Israel’s natural water resources are currently faring better than they have in recent years. The Kinneret (Sea of Galilee), which provides a quarter of Israel’s water, now stands at 211.34 meters below sea level, a meter higher than this time last year. With the rainy season hopefully on the way, the Kinneret can be expected to rise another meter or two, reaching within a meter or less of its optimal level. This will not, however, solve all of Israel’s water problems and desalination, long resisted by many, is now widely considered the best solution.
Air pollution is a worldwide concern, and Israel’s government this summer authorized a 140-million shekel plan to battle that vexing problem. The plan concentrates on reducing pollution caused by buses and taxis, increasing solar energy for electricity, and encouraging the use of improved public transportation.
The government decision states that thousands of Israelis die each year of diseases attributed to air pollution, and related illnesses cost the economy some 8 billion shekels a year. The new plan will reduce the number of deaths by 700, if the experts are correct in their calculations.
Elements of the plan include efforts to reduce a full 20 percent of the country’s electricity usage by the year 2020. This is to be accomplished by replacing energy-hungry appliances and machines with those that are more energy-efficient. At the same time, at least 10 percent of the country’s electricity needs are to be produced from solar energy by 2020.
In fact, among the eight above-mentioned world-leading Israeli companies are several that have developed energy technologies based on the sun and other natural sources.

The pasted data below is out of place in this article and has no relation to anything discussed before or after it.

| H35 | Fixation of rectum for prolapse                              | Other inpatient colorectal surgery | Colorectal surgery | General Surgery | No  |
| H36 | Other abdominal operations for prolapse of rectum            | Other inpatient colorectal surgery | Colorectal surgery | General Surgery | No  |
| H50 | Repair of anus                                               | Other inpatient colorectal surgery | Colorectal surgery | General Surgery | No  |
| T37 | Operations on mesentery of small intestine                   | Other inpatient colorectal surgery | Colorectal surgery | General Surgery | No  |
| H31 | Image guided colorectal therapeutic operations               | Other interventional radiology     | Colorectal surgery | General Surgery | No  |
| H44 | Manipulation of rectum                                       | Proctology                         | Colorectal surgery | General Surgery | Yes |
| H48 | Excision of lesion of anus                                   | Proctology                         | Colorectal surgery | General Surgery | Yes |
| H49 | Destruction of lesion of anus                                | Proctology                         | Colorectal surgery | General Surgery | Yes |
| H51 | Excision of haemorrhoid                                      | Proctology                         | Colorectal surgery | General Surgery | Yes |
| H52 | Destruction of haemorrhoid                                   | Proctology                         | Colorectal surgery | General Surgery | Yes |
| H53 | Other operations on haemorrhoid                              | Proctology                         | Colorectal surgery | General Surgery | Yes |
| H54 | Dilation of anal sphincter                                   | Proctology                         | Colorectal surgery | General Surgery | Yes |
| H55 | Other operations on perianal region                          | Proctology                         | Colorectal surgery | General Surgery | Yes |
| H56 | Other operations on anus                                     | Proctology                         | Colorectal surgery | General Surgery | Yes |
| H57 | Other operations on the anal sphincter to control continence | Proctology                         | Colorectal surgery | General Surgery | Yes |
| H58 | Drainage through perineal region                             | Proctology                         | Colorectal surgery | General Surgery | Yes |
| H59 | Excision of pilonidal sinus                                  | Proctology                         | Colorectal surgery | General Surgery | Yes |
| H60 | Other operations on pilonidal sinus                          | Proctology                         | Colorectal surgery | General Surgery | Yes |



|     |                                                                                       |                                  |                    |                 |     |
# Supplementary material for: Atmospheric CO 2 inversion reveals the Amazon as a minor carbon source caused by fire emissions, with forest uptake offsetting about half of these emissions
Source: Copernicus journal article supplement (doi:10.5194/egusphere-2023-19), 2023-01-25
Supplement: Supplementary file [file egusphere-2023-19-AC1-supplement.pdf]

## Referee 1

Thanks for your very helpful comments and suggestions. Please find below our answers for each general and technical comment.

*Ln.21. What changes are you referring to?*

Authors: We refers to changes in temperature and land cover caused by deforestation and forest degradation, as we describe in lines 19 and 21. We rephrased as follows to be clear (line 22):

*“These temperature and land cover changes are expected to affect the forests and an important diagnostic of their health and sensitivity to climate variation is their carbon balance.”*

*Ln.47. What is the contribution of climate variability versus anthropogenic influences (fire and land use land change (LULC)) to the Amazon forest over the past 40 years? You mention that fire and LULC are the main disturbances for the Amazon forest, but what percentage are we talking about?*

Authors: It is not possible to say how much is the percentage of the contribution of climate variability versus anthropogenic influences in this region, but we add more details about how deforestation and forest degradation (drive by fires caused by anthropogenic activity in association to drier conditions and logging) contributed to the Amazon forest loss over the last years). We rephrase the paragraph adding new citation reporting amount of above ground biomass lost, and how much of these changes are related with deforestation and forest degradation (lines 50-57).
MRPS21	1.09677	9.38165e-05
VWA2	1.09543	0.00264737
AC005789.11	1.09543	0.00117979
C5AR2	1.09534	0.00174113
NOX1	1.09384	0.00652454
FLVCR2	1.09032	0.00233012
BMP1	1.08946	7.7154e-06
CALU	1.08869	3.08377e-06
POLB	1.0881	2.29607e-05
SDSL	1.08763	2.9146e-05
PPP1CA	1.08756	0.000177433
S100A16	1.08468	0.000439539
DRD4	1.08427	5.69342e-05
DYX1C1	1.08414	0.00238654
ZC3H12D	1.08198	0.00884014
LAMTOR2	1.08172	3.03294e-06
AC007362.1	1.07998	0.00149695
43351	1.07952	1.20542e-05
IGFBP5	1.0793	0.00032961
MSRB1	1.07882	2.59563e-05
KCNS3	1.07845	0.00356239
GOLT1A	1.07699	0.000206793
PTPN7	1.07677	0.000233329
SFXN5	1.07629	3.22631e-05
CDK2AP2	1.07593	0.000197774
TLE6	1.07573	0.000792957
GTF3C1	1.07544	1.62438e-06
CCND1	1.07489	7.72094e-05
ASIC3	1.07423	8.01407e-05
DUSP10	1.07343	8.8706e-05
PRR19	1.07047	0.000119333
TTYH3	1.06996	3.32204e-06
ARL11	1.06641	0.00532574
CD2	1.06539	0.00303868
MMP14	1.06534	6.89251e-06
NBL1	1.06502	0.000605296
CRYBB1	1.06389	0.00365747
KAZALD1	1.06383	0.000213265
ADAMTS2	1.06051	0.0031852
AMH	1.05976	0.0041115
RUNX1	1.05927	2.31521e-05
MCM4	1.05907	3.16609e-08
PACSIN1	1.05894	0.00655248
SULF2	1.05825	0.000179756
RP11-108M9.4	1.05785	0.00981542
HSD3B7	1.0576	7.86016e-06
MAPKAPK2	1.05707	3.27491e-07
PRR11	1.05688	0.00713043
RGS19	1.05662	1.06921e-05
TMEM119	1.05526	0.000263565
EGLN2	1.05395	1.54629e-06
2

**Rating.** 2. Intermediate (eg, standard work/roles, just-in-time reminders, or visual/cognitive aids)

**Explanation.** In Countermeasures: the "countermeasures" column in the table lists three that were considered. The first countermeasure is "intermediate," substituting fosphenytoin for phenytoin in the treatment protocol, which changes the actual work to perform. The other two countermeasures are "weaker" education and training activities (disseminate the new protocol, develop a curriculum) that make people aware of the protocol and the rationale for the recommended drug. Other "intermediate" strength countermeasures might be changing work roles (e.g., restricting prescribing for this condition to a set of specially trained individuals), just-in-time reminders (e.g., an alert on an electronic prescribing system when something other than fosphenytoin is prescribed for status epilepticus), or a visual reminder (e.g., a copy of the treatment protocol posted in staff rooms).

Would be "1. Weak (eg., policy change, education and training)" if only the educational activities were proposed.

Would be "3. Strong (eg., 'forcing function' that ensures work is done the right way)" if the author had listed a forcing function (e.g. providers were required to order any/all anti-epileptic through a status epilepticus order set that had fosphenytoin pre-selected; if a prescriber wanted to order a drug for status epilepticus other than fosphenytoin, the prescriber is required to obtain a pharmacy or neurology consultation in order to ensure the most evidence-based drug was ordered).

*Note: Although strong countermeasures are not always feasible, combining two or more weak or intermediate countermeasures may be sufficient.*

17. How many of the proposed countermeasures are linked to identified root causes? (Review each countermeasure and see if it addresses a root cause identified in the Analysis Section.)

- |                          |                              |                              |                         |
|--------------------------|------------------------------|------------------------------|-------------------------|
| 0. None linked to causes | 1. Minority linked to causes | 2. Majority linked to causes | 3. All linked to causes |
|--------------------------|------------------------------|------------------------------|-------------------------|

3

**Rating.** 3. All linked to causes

The anti-air pollution plan calls for the removal of some 7,500 cars 20 years old and older from the country’s roads. Owners of these clunkers will be paid 3,000 shekels to hand them over for scrapping and crushing. Close to NIS 30 million will be earmarked for businesses to encourage their employees to use public transportation, to increase work done at home, and to cut down on company-owned vehicles. Some 40 million shekels will be further allocated to improving public transportation. Next April a pilot program will be activated involving the use of three city buses using only compressed natural gas – cleaner and cheaper than the fuel currently used by most vehicles.
(This past Yom Kippur, not surprisingly, amazing drops in air pollution levels were registered in Israeli cities. In Jerusalem, pollution dropped a full 95 percent, while in the Tel Aviv and Gush Dan areas it was just 8 percent of the norm.)
Another Midrash teaches, “If you have a sapling in your hand and are told that the Messiah has come, first plant the sapling, then go out to greet the Messiah.” How better to sum up this wide-ranging topic than by noting that Israel not only seeks to prevent environmental damage but is actively involved in improving the situation: It is the only country in the world that ended the 20th century with more trees than it began with. In 1948, it had only five million trees. Now? More than 200 million.